Book targets children’s summer learning loss
8:50 a.m. PDT June 27, 2016
For years, summer school has been thought of as remedial.
But according to Matthew Boulay, founder of the National Summer Learning Association (NSLA) and resident of Salem, summer learning is actually crucial for students’ academic growth.
“Growing up, learning is a 12-month endeavor,” he said.
Earlier this month, Boulay published his book, “Summers Matter: 10 Things Every Parent, Teacher, & Principal Should Know About June, July, & August.”
He said the purpose of the book is to provide tangible, easy-to-follow activities and ideas to parents and educators to continue learning during the summer.
Boulay said about 97 percent of the 50 million students who go to school are on a nine-month calendar, but summer learning loss is particularly detrimental to traditionally marginalized groups.
“Summer is the most unequal time,” he said.
About one-fourth of all students are considered to be living in poverty, he said. Research shows about two-thirds of the ninth-grade achievement gap between lower and higher income youth can be attributed to unequal access to summer learning opportunities during the elementary school years, according to the National Summer Learning Association.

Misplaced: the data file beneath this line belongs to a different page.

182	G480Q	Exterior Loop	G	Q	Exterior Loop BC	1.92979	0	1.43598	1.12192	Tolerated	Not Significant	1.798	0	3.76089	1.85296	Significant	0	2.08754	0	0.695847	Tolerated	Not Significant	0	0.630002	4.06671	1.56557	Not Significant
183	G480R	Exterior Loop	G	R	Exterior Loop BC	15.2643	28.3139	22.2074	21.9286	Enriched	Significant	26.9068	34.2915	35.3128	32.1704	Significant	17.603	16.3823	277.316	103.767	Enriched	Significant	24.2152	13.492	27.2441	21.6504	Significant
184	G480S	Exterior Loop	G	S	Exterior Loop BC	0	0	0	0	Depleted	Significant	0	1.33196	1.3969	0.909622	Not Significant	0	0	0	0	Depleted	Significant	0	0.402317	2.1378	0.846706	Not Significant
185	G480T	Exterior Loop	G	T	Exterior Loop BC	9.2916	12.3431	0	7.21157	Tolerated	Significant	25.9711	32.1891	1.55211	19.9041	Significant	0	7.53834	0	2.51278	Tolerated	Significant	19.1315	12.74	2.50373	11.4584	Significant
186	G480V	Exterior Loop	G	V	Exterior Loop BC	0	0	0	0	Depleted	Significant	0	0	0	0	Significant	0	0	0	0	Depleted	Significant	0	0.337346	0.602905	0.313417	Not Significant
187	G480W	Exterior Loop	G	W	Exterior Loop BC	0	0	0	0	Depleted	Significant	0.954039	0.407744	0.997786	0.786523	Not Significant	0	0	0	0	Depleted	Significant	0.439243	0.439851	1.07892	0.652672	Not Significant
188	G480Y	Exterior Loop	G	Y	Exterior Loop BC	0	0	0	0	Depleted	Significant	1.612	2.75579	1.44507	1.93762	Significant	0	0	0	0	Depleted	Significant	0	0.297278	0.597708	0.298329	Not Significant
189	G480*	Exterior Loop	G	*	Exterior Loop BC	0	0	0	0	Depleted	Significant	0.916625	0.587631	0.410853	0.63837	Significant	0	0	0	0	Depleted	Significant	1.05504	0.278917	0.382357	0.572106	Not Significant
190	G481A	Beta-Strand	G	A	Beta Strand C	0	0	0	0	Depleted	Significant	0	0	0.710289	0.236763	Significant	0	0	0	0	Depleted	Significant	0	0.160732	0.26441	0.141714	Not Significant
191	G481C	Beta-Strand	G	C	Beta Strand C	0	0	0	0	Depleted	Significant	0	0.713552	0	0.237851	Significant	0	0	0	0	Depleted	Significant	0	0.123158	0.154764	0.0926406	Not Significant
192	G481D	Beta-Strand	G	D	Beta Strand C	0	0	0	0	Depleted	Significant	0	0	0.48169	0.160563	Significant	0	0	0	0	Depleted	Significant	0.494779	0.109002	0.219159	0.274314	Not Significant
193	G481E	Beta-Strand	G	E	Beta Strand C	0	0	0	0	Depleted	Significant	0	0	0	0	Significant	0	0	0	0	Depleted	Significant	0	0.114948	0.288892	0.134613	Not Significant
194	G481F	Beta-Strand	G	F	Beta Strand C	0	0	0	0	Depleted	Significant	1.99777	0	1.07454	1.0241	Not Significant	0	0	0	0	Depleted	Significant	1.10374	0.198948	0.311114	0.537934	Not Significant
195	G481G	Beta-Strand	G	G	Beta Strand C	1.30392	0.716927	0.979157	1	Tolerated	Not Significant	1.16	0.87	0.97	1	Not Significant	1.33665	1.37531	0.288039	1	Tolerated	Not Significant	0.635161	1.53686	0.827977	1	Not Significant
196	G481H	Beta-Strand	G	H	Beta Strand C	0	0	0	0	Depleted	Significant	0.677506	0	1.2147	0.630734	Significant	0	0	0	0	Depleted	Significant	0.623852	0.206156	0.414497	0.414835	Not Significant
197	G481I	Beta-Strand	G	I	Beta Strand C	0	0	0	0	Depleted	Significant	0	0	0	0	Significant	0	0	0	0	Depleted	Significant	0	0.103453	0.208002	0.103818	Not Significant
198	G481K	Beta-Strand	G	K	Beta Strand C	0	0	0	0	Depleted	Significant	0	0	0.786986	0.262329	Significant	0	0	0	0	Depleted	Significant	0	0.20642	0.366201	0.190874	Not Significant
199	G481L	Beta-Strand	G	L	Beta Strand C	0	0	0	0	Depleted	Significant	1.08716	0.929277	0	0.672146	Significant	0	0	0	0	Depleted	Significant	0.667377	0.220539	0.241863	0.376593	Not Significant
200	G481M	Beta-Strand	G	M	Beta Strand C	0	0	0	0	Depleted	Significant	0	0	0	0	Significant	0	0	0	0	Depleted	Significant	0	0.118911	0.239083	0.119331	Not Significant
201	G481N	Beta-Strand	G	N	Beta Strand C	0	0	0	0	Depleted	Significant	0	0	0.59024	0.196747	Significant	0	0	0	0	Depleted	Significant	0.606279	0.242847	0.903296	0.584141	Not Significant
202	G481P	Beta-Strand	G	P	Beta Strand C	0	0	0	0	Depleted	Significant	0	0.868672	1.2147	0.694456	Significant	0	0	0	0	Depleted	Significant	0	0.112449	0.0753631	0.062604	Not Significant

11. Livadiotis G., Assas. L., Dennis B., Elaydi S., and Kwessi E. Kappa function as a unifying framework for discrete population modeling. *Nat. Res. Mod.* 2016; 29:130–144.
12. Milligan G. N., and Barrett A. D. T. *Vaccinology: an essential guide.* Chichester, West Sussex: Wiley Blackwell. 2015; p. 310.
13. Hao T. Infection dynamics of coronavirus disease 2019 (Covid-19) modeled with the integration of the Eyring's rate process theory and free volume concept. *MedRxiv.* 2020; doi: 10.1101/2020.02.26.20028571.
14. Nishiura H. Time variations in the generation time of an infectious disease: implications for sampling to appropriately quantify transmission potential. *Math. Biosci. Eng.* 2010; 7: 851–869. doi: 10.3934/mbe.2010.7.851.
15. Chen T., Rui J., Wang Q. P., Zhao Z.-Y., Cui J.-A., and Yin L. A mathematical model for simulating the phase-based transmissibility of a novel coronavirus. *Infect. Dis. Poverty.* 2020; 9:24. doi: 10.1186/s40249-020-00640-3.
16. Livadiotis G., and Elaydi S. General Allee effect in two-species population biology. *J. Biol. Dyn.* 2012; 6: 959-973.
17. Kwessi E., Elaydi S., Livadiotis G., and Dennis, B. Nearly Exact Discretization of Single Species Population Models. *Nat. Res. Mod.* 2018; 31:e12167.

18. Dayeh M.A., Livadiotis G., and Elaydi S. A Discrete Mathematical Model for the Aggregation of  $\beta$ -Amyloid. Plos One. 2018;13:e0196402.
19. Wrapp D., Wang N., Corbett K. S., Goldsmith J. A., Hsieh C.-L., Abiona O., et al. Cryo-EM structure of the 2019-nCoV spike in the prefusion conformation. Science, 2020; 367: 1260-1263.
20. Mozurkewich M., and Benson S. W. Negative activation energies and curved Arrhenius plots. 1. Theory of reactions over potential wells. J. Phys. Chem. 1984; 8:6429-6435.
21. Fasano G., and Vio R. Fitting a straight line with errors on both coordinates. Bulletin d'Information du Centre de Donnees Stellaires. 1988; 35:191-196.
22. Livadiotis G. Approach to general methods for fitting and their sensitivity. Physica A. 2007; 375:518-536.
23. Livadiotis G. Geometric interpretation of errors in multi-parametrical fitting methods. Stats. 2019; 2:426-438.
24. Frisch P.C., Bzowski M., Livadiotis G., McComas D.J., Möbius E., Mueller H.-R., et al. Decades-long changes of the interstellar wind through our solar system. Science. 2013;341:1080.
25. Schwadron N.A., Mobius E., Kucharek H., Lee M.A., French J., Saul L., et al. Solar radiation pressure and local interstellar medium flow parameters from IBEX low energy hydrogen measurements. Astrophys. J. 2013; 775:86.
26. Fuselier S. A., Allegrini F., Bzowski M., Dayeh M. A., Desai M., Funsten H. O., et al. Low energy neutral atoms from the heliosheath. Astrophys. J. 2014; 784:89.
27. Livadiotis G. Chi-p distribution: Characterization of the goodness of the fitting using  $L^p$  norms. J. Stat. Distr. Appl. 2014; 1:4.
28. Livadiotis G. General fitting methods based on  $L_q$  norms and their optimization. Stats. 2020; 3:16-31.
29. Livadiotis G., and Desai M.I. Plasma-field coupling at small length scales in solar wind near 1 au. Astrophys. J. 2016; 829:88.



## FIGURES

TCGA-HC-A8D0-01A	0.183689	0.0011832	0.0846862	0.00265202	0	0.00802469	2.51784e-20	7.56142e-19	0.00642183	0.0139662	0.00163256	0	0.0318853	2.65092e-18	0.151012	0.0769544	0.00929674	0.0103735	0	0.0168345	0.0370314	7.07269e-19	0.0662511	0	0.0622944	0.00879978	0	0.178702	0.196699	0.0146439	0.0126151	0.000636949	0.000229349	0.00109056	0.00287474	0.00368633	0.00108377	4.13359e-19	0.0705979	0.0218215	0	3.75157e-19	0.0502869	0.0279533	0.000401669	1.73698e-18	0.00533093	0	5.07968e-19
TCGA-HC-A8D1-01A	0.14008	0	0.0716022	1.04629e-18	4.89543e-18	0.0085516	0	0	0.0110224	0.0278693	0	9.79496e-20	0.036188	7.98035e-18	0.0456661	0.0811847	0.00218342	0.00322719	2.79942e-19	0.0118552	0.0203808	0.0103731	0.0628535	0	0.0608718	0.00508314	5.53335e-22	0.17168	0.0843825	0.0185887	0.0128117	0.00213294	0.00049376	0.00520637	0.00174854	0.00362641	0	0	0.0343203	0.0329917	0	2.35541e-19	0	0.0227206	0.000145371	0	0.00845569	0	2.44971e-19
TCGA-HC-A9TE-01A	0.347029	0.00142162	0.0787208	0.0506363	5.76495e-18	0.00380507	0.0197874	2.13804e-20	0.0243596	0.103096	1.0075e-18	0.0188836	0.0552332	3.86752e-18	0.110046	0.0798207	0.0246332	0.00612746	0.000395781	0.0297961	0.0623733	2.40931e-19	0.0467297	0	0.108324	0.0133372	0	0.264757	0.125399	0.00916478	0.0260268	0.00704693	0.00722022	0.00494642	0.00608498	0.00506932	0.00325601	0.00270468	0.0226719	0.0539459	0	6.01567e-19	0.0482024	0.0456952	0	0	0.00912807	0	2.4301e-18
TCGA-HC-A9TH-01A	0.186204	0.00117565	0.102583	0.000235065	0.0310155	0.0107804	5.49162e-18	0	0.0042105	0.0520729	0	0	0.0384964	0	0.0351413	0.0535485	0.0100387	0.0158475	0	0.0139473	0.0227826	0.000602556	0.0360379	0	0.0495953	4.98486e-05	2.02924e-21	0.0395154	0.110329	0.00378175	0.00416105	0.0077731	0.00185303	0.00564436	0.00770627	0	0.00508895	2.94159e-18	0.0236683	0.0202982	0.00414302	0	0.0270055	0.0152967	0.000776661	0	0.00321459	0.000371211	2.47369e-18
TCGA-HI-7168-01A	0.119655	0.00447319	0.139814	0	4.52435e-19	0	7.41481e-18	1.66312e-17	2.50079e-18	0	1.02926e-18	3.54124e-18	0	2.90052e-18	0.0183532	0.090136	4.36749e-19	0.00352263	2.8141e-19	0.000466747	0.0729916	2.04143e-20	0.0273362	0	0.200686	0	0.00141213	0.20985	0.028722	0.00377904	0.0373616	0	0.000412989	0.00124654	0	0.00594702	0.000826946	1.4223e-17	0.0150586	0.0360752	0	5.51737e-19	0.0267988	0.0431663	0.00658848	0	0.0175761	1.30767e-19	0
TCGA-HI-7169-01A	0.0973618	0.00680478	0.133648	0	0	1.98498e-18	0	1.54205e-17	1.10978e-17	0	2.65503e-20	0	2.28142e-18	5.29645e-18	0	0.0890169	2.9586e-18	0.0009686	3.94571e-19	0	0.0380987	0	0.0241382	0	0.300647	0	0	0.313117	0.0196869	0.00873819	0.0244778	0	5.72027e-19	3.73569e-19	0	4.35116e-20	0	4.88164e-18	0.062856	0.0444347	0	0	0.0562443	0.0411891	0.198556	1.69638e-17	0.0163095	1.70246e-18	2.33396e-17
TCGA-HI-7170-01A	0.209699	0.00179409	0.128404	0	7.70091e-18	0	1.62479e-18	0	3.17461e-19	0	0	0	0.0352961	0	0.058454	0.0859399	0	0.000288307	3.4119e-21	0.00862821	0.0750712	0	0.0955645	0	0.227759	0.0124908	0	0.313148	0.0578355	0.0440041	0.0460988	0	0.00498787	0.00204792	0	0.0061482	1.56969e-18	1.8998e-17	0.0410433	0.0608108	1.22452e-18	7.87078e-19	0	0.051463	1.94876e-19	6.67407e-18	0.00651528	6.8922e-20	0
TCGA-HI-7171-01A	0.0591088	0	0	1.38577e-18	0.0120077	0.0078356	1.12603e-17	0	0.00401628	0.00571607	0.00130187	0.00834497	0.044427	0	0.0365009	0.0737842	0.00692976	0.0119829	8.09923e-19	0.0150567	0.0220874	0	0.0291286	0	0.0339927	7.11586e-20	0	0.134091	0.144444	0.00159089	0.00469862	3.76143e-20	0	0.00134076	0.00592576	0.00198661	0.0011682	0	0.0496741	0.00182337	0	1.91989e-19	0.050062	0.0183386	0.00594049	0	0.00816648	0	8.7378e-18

While not in the classroom over the summer, according to the association, most students lose about two months of grade level equivalency in math computation skills and low-income students lose more than two months in reading achievement.
Without mental and intellectual stimulation during the summer, students experience the “summer slide,” also known as “summer learning loss” or “summer slipping.”
Although some students will only slide a little and be able to recuperate when they return in the fall, some students are at greater risk of losing what they learned and not being able to recover.
Students who do not have access to books in the home, the ability to travel to a library, the ability to take part in a summer camp or program or other learning opportunities will slide further.
Additionally, only one-sixth of students on free and reduced lunch during the year will have access to provided meals over the summer, Boulay said, so it is important summer learning is paired with healthy diet options as well.
The push for summer learning is part of a national movement.